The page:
Among other things, the company has missed its sales targets. Snapdeal’s GMV of around $4 billion in March 2016 was far below CEO Bahl’s $10-billion target.
There have also been several top-level exits in 2016. In January, senior vice-president of marketing Srinivas Murthy resigned. In May, it lost its prized Silicon Valley hire Anand Chandrasekaran, who was its chief product officer. In June, the business head for electronics, Saif Iqbal, quit.
At the other end, the company is going slow on hiring. “We plan to remain very close to our current employee strength over this year,” a Snapdeal spokesperson said.
In May, The Economic Times reported that the company had scaled down operations in its regional offices at Bengaluru, Mumbai, Kolkata, and Hyderabad, and may even shut down a few if it fails to raise a fresh funding round. Snapdeal, however, trashed these reports as “incorrect, baseless and misleading.”
The company is attempting to tap into the talent pool in Silicon Valley. On May 30, Snapdeal said it has set up a data sciences centre at San Carlos, California, which will help it hire veteran data scientists who could help Snapdeal develop stronger capabilities around analytics and predictive behaviour.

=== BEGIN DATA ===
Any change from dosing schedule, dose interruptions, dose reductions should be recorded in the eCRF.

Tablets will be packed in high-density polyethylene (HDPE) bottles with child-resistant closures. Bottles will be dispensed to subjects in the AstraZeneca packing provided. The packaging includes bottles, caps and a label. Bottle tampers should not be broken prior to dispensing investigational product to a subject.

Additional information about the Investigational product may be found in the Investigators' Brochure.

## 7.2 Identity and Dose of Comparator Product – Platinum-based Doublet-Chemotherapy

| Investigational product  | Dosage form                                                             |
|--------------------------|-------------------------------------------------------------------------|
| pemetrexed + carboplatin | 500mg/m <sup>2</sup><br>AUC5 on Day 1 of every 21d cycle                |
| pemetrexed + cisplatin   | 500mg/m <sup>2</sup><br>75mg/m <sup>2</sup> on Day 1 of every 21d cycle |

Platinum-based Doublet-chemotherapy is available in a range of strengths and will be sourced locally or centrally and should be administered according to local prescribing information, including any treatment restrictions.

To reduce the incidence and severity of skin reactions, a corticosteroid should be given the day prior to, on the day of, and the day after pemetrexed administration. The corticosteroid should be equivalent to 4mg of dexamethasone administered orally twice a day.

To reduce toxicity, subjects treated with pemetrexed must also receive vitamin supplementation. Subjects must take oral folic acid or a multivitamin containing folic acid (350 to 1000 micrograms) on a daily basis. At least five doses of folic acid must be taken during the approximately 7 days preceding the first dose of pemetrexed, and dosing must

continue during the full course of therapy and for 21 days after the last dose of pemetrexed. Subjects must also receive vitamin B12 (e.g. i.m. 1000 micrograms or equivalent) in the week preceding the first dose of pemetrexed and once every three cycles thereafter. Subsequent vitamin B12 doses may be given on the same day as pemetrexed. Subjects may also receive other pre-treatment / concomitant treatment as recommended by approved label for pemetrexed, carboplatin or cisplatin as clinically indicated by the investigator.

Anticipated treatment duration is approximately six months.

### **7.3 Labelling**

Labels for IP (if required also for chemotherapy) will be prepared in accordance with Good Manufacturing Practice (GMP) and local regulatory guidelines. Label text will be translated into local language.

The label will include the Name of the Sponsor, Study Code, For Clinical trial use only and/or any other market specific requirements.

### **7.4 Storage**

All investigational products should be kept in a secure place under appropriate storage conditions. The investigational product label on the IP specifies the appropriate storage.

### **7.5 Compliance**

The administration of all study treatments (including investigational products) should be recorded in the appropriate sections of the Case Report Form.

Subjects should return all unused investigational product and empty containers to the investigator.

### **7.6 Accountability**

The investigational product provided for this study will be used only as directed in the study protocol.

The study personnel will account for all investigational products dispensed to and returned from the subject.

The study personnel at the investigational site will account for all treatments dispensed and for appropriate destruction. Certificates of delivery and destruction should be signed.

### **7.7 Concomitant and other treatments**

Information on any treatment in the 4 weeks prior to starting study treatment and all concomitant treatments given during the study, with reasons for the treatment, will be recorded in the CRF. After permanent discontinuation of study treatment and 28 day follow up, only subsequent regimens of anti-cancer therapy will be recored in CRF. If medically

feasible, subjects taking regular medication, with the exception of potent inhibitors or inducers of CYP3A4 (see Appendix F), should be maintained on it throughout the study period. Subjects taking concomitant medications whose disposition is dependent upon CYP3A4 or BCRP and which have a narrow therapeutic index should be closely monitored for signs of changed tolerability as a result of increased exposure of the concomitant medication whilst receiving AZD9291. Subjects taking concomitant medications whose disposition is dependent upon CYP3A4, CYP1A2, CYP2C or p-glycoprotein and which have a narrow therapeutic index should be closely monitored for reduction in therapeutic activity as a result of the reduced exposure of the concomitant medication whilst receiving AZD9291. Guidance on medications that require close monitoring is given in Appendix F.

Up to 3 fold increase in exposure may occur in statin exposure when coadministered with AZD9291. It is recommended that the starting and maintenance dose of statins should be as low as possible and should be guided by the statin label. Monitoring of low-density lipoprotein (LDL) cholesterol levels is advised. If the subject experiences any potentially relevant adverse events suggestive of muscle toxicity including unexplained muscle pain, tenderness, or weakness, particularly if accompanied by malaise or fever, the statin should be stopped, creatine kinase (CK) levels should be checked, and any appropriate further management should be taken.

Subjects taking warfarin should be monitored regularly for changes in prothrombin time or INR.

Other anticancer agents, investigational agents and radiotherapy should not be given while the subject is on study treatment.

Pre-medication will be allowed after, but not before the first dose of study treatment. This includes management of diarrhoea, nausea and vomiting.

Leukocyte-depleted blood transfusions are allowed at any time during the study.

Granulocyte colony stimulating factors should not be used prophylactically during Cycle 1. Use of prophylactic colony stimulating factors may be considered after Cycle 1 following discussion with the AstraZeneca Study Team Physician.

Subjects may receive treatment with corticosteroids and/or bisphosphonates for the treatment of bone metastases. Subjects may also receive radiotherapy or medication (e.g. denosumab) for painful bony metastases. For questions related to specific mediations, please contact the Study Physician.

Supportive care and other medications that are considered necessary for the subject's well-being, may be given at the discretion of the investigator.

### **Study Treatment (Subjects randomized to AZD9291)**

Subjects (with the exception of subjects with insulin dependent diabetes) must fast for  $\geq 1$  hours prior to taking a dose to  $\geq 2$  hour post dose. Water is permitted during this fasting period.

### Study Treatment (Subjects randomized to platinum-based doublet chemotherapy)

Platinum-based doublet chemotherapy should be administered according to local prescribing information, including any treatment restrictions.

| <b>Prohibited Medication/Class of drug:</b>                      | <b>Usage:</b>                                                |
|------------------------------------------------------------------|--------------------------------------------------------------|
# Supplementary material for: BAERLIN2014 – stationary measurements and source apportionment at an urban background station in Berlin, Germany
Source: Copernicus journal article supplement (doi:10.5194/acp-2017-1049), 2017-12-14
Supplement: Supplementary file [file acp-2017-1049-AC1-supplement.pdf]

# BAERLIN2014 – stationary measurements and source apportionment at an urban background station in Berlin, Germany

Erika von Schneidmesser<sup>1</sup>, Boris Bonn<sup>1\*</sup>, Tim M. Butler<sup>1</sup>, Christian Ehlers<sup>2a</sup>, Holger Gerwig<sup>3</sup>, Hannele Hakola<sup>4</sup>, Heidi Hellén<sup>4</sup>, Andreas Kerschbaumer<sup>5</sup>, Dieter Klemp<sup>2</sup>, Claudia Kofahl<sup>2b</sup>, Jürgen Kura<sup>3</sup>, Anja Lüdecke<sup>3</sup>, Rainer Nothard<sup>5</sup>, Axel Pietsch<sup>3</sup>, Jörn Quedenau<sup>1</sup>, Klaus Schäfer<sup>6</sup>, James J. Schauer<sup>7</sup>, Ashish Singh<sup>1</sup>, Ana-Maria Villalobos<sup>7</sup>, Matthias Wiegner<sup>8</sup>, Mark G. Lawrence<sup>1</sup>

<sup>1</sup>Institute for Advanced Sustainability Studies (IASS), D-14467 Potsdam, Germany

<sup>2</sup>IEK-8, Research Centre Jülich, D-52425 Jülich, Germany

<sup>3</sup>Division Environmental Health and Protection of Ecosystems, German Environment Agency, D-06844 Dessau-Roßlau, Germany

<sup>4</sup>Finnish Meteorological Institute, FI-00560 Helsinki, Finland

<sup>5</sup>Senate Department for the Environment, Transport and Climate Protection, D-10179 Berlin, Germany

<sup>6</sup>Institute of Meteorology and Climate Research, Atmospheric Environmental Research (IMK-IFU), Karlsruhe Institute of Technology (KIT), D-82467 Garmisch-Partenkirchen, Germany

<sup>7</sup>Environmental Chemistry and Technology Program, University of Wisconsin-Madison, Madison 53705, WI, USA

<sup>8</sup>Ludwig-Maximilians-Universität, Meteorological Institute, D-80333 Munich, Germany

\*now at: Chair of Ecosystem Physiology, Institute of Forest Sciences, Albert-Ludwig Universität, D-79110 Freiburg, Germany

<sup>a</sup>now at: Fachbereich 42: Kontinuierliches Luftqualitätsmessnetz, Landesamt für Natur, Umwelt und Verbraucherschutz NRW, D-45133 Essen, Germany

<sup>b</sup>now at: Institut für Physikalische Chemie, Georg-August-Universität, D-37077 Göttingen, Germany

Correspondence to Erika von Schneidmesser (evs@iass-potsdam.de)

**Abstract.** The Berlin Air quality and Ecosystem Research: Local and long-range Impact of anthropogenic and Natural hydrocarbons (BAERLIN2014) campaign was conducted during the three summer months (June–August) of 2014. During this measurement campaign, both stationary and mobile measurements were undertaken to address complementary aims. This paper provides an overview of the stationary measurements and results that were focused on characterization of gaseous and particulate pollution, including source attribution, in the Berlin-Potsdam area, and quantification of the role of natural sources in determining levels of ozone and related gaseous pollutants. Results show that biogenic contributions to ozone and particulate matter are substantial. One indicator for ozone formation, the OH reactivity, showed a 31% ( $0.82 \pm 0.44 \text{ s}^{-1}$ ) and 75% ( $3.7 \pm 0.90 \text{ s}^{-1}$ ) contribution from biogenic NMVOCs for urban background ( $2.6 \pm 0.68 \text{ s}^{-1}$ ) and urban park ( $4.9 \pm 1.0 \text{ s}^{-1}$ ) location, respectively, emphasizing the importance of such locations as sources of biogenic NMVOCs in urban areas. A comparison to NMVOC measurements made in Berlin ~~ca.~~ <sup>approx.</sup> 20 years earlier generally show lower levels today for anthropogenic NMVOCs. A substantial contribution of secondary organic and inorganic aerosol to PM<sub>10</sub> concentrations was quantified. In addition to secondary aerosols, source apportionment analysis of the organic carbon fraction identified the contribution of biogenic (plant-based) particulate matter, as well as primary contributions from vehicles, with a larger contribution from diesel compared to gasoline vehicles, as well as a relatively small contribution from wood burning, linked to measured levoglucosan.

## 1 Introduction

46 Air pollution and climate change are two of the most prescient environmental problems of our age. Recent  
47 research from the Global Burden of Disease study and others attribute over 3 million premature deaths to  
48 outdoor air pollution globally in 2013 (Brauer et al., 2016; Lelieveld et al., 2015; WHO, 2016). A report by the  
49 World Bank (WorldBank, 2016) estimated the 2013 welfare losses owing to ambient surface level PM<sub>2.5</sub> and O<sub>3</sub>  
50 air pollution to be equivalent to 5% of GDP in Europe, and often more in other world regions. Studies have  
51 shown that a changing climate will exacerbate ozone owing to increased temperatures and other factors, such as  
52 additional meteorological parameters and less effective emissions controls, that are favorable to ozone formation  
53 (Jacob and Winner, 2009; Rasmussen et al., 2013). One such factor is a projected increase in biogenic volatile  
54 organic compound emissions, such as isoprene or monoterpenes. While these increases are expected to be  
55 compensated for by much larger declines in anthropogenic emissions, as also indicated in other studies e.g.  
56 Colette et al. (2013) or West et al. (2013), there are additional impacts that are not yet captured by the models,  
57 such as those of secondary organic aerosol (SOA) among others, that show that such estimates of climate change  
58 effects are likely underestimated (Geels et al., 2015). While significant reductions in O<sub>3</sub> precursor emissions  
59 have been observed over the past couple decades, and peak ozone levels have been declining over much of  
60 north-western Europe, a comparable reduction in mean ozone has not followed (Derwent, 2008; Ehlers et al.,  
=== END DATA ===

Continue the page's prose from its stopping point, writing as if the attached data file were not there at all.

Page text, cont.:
To its credit, Snapdeal has been more aggressive in terms of acquisitions than rival Flipkart. The company is credited with the biggest acquisition ever in the Indian startup space—mobile payments startup, Freecharge, for around $450 million.
Since 2010, Snapdeal has acquired 13 companies, while Flipkart bought nine.
But experts are unsure if all these acquisitions will help Snapdeal find its mojo. “It is incredibly difficult to find a USP in e-commerce retailing. There is only so much one can fight on reducing costs and margins,” Ghose of New York University said.